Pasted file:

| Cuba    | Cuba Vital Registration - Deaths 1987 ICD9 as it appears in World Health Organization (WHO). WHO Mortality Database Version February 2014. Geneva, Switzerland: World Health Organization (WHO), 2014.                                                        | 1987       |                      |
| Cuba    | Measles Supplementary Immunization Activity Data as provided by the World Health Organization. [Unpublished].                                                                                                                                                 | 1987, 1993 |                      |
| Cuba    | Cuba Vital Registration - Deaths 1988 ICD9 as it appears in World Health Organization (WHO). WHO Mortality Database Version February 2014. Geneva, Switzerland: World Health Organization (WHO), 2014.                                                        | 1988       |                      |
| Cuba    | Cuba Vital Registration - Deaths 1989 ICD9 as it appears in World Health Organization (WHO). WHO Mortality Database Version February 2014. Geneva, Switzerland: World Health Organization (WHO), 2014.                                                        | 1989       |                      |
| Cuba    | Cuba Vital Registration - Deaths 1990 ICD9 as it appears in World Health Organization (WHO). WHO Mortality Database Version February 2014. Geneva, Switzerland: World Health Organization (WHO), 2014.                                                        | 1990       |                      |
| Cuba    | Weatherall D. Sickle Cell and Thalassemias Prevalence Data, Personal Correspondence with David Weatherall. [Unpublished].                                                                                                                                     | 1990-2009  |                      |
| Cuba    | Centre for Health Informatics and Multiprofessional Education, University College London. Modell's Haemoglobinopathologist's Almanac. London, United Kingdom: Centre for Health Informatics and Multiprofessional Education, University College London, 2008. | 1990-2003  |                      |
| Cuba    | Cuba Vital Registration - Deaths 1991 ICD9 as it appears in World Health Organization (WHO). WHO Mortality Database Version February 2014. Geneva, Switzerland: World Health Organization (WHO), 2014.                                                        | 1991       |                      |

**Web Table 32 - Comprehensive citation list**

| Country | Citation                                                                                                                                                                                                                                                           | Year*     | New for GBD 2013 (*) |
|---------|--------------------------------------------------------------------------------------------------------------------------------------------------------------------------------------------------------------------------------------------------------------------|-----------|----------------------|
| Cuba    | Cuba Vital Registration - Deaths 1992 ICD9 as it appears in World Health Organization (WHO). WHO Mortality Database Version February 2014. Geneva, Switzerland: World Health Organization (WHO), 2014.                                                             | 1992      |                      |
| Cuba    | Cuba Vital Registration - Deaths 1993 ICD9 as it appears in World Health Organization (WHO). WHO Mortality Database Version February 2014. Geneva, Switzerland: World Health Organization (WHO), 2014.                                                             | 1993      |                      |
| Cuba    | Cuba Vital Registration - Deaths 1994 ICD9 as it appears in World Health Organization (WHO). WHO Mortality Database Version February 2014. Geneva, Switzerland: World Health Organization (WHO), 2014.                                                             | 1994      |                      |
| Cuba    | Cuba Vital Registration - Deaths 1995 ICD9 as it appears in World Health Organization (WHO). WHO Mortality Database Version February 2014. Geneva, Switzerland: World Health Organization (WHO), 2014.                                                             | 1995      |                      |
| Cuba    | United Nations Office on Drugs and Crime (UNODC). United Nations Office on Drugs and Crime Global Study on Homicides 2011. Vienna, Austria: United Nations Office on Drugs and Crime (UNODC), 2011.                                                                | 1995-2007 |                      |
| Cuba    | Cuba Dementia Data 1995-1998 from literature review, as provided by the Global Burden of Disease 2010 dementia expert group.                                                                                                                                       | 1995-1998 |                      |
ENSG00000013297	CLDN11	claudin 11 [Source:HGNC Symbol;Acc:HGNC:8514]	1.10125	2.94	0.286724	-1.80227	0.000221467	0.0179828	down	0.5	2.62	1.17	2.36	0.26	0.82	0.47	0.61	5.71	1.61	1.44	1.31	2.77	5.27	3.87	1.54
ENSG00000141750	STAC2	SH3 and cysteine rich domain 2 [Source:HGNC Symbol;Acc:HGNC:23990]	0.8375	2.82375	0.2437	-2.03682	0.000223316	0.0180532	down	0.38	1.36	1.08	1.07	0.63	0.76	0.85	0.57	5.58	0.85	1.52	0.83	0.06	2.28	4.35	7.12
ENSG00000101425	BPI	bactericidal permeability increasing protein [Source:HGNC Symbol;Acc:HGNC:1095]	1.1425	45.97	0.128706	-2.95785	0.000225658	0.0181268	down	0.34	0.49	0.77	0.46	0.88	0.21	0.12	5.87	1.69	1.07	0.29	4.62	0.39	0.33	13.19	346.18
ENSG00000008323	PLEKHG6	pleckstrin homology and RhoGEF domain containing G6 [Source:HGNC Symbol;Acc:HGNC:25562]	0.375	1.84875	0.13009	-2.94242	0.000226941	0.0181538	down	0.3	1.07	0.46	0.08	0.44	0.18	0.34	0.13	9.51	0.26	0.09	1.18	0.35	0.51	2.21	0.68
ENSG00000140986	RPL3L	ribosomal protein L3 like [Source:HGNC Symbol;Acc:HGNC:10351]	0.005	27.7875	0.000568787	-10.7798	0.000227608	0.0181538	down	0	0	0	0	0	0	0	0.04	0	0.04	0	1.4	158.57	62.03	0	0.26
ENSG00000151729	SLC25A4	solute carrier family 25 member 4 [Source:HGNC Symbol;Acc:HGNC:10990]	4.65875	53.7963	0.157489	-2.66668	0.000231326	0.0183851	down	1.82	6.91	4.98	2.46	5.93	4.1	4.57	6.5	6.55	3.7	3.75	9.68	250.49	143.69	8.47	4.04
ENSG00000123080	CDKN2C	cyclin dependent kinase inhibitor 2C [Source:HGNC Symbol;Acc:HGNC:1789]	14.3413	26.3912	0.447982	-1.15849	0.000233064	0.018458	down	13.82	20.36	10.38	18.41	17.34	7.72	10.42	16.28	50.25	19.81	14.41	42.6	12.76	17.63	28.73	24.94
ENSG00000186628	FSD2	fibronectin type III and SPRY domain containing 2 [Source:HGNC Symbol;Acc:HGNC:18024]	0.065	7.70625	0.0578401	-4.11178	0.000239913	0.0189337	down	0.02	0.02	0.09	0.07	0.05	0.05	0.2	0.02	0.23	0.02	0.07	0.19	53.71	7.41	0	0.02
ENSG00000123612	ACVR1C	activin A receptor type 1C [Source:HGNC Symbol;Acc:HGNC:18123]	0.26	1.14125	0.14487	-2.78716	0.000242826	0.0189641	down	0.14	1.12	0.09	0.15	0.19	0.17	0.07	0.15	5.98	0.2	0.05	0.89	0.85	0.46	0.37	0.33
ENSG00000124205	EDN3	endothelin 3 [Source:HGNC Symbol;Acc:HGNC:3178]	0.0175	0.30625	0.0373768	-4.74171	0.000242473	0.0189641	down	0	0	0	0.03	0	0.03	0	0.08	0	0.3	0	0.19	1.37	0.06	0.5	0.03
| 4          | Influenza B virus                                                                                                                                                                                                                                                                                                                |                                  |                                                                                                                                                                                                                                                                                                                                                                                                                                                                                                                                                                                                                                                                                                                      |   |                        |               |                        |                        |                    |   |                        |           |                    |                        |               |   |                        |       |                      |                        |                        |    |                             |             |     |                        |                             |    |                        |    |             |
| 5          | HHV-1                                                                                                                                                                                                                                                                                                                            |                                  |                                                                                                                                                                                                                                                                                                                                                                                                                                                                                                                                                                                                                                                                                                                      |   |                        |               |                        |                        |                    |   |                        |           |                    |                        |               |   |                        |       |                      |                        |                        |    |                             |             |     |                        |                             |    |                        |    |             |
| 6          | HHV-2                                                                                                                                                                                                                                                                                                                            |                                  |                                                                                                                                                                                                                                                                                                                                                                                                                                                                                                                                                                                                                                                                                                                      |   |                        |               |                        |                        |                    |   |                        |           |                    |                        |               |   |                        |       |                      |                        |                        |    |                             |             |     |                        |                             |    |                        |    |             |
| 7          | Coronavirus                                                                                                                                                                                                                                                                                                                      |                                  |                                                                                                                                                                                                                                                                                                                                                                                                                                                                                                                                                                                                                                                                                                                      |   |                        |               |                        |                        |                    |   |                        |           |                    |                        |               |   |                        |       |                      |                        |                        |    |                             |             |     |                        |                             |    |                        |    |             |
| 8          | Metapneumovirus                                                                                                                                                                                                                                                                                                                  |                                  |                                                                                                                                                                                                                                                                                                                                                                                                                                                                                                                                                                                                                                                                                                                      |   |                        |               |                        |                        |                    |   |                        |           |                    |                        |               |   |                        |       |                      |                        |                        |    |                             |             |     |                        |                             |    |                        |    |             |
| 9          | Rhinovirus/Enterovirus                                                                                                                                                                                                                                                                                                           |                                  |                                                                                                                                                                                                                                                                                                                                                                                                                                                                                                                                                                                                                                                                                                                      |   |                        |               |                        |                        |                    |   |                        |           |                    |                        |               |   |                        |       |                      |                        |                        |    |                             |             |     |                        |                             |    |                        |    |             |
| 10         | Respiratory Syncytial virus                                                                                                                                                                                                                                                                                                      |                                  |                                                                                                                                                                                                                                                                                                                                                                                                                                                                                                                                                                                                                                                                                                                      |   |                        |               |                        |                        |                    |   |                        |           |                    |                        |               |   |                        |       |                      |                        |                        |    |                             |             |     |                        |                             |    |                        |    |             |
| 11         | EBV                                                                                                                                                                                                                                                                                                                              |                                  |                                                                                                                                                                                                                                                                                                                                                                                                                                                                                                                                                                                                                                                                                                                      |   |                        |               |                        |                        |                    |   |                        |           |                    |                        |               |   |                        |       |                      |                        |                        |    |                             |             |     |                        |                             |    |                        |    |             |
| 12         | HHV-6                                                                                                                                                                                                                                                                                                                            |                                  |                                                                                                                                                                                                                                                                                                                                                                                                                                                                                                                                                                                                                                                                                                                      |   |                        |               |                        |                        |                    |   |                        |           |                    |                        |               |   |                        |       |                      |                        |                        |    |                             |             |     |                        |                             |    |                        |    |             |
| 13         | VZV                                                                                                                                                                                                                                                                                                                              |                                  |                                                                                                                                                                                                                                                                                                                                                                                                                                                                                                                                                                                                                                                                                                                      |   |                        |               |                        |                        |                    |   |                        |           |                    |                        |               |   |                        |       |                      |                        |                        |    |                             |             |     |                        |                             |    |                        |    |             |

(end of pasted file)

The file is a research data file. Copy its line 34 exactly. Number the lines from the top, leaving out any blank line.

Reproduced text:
| 10         | Respiratory Syncytial virus                                                                                                                                                                                                                                                                                                      |                                  |                                                                                                                                                                                                                                                                                                                                                                                                                                                                                                                                                                                                                                                                                                                      |   |                        |               |                        |                        |                    |   |                        |           |                    |                        |               |   |                        |       |                      |                        |                        |    |                             |             |     |                        |                             |    |                        |    |             |